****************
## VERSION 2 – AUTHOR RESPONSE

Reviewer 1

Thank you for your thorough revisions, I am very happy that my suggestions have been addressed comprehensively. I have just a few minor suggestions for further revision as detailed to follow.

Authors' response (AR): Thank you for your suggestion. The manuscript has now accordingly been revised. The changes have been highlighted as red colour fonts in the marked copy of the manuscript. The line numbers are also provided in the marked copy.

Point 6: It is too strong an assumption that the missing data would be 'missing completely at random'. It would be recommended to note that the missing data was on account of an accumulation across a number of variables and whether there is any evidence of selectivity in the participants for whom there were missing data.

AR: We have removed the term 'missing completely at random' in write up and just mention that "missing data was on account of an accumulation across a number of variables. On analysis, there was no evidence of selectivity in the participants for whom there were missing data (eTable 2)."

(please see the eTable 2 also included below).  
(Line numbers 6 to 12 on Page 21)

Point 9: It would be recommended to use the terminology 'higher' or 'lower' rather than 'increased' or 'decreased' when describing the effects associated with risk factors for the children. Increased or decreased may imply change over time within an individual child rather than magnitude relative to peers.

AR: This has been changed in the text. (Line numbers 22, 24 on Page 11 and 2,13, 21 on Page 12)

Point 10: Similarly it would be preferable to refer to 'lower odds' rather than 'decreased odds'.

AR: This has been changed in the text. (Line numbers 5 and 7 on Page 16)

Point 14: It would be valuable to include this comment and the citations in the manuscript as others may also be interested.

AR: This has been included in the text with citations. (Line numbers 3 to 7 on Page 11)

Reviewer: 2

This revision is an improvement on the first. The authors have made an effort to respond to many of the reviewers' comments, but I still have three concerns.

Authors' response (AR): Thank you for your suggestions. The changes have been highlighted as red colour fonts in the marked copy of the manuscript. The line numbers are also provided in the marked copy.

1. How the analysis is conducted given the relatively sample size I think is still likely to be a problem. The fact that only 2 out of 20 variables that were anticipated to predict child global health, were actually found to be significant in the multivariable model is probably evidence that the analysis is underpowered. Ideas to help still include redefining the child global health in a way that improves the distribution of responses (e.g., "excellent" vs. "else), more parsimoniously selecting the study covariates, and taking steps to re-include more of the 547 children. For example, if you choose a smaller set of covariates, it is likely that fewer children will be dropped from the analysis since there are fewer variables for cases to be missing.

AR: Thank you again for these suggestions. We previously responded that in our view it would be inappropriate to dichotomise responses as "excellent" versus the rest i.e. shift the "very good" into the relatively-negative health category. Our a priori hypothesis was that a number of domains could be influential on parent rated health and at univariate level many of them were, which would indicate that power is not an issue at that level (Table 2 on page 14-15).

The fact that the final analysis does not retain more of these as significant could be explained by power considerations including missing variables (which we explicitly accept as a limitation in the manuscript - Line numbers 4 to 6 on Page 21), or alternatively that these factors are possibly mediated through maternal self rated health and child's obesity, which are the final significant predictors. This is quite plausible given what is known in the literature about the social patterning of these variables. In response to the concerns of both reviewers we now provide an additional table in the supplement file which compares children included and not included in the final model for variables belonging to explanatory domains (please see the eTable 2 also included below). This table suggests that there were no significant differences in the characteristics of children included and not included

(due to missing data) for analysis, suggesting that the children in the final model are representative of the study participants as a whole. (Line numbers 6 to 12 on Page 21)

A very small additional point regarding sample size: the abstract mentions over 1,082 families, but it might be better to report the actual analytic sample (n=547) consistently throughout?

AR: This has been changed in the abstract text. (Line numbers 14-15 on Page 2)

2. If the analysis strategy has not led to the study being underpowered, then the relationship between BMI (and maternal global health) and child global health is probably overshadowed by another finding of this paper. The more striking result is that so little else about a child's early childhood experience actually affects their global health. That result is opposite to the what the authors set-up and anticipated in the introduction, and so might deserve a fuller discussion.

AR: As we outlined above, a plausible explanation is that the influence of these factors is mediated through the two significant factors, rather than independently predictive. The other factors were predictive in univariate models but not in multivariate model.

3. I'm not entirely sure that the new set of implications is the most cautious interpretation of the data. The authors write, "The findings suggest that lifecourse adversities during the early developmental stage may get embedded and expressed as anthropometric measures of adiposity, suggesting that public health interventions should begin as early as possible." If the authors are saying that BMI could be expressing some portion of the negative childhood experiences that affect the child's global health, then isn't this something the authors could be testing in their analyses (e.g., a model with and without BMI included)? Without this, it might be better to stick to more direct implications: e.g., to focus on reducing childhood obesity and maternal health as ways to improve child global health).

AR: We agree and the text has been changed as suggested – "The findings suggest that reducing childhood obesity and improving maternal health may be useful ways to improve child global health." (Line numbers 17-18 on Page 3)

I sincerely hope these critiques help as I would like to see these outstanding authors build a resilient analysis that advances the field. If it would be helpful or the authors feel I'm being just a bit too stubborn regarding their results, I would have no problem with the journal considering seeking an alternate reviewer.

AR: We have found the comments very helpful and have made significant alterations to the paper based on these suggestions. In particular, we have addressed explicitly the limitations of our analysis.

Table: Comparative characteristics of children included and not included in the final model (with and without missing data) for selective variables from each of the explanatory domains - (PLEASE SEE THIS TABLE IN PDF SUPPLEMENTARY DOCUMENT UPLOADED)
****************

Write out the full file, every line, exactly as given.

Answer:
## VERSION 2 – AUTHOR RESPONSE

Reviewer 1

Thank you for your thorough revisions, I am very happy that my suggestions have been addressed comprehensively. I have just a few minor suggestions for further revision as detailed to follow.

Authors' response (AR): Thank you for your suggestion. The manuscript has now accordingly been revised. The changes have been highlighted as red colour fonts in the marked copy of the manuscript. The line numbers are also provided in the marked copy.

Point 6: It is too strong an assumption that the missing data would be 'missing completely at random'. It would be recommended to note that the missing data was on account of an accumulation across a number of variables and whether there is any evidence of selectivity in the participants for whom there were missing data.

AR: We have removed the term 'missing completely at random' in write up and just mention that "missing data was on account of an accumulation across a number of variables. On analysis, there was no evidence of selectivity in the participants for whom there were missing data (eTable 2)."

(please see the eTable 2 also included below).  
(Line numbers 6 to 12 on Page 21)

Point 9: It would be recommended to use the terminology 'higher' or 'lower' rather than 'increased' or 'decreased' when describing the effects associated with risk factors for the children. Increased or decreased may imply change over time within an individual child rather than magnitude relative to peers.

AR: This has been changed in the text. (Line numbers 22, 24 on Page 11 and 2,13, 21 on Page 12)

Point 10: Similarly it would be preferable to refer to 'lower odds' rather than 'decreased odds'.

AR: This has been changed in the text. (Line numbers 5 and 7 on Page 16)

Point 14: It would be valuable to include this comment and the citations in the manuscript as others may also be interested.

AR: This has been included in the text with citations. (Line numbers 3 to 7 on Page 11)

Reviewer: 2

This revision is an improvement on the first. The authors have made an effort to respond to many of the reviewers' comments, but I still have three concerns.

Authors' response (AR): Thank you for your suggestions. The changes have been highlighted as red colour fonts in the marked copy of the manuscript. The line numbers are also provided in the marked copy.

1. How the analysis is conducted given the relatively sample size I think is still likely to be a problem. The fact that only 2 out of 20 variables that were anticipated to predict child global health, were actually found to be significant in the multivariable model is probably evidence that the analysis is underpowered. Ideas to help still include redefining the child global health in a way that improves the distribution of responses (e.g., "excellent" vs. "else), more parsimoniously selecting the study covariates, and taking steps to re-include more of the 547 children. For example, if you choose a smaller set of covariates, it is likely that fewer children will be dropped from the analysis since there are fewer variables for cases to be missing.

AR: Thank you again for these suggestions. We previously responded that in our view it would be inappropriate to dichotomise responses as "excellent" versus the rest i.e. shift the "very good" into the relatively-negative health category. Our a priori hypothesis was that a number of domains could be influential on parent rated health and at univariate level many of them were, which would indicate that power is not an issue at that level (Table 2 on page 14-15).

The fact that the final analysis does not retain more of these as significant could be explained by power considerations including missing variables (which we explicitly accept as a limitation in the manuscript - Line numbers 4 to 6 on Page 21), or alternatively that these factors are possibly mediated through maternal self rated health and child's obesity, which are the final significant predictors. This is quite plausible given what is known in the literature about the social patterning of these variables. In response to the concerns of both reviewers we now provide an additional table in the supplement file which compares children included and not included in the final model for variables belonging to explanatory domains (please see the eTable 2 also included below). This table suggests that there were no significant differences in the characteristics of children included and not included

(due to missing data) for analysis, suggesting that the children in the final model are representative of the study participants as a whole. (Line numbers 6 to 12 on Page 21)

A very small additional point regarding sample size: the abstract mentions over 1,082 families, but it might be better to report the actual analytic sample (n=547) consistently throughout?

AR: This has been changed in the abstract text. (Line numbers 14-15 on Page 2)

2. If the analysis strategy has not led to the study being underpowered, then the relationship between BMI (and maternal global health) and child global health is probably overshadowed by another finding of this paper. The more striking result is that so little else about a child's early childhood experience actually affects their global health. That result is opposite to the what the authors set-up and anticipated in the introduction, and so might deserve a fuller discussion.

AR: As we outlined above, a plausible explanation is that the influence of these factors is mediated through the two significant factors, rather than independently predictive. The other factors were predictive in univariate models but not in multivariate model.

3. I'm not entirely sure that the new set of implications is the most cautious interpretation of the data. The authors write, "The findings suggest that lifecourse adversities during the early developmental stage may get embedded and expressed as anthropometric measures of adiposity, suggesting that public health interventions should begin as early as possible." If the authors are saying that BMI could be expressing some portion of the negative childhood experiences that affect the child's global health, then isn't this something the authors could be testing in their analyses (e.g., a model with and without BMI included)? Without this, it might be better to stick to more direct implications: e.g., to focus on reducing childhood obesity and maternal health as ways to improve child global health).

AR: We agree and the text has been changed as suggested – "The findings suggest that reducing childhood obesity and improving maternal health may be useful ways to improve child global health." (Line numbers 17-18 on Page 3)

I sincerely hope these critiques help as I would like to see these outstanding authors build a resilient analysis that advances the field. If it would be helpful or the authors feel I'm being just a bit too stubborn regarding their results, I would have no problem with the journal considering seeking an alternate reviewer.

AR: We have found the comments very helpful and have made significant alterations to the paper based on these suggestions. In particular, we have addressed explicitly the limitations of our analysis.

Table: Comparative characteristics of children included and not included in the final model (with and without missing data) for selective variables from each of the explanatory domains - (PLEASE SEE THIS TABLE IN PDF SUPPLEMENTARY DOCUMENT UPLOADED)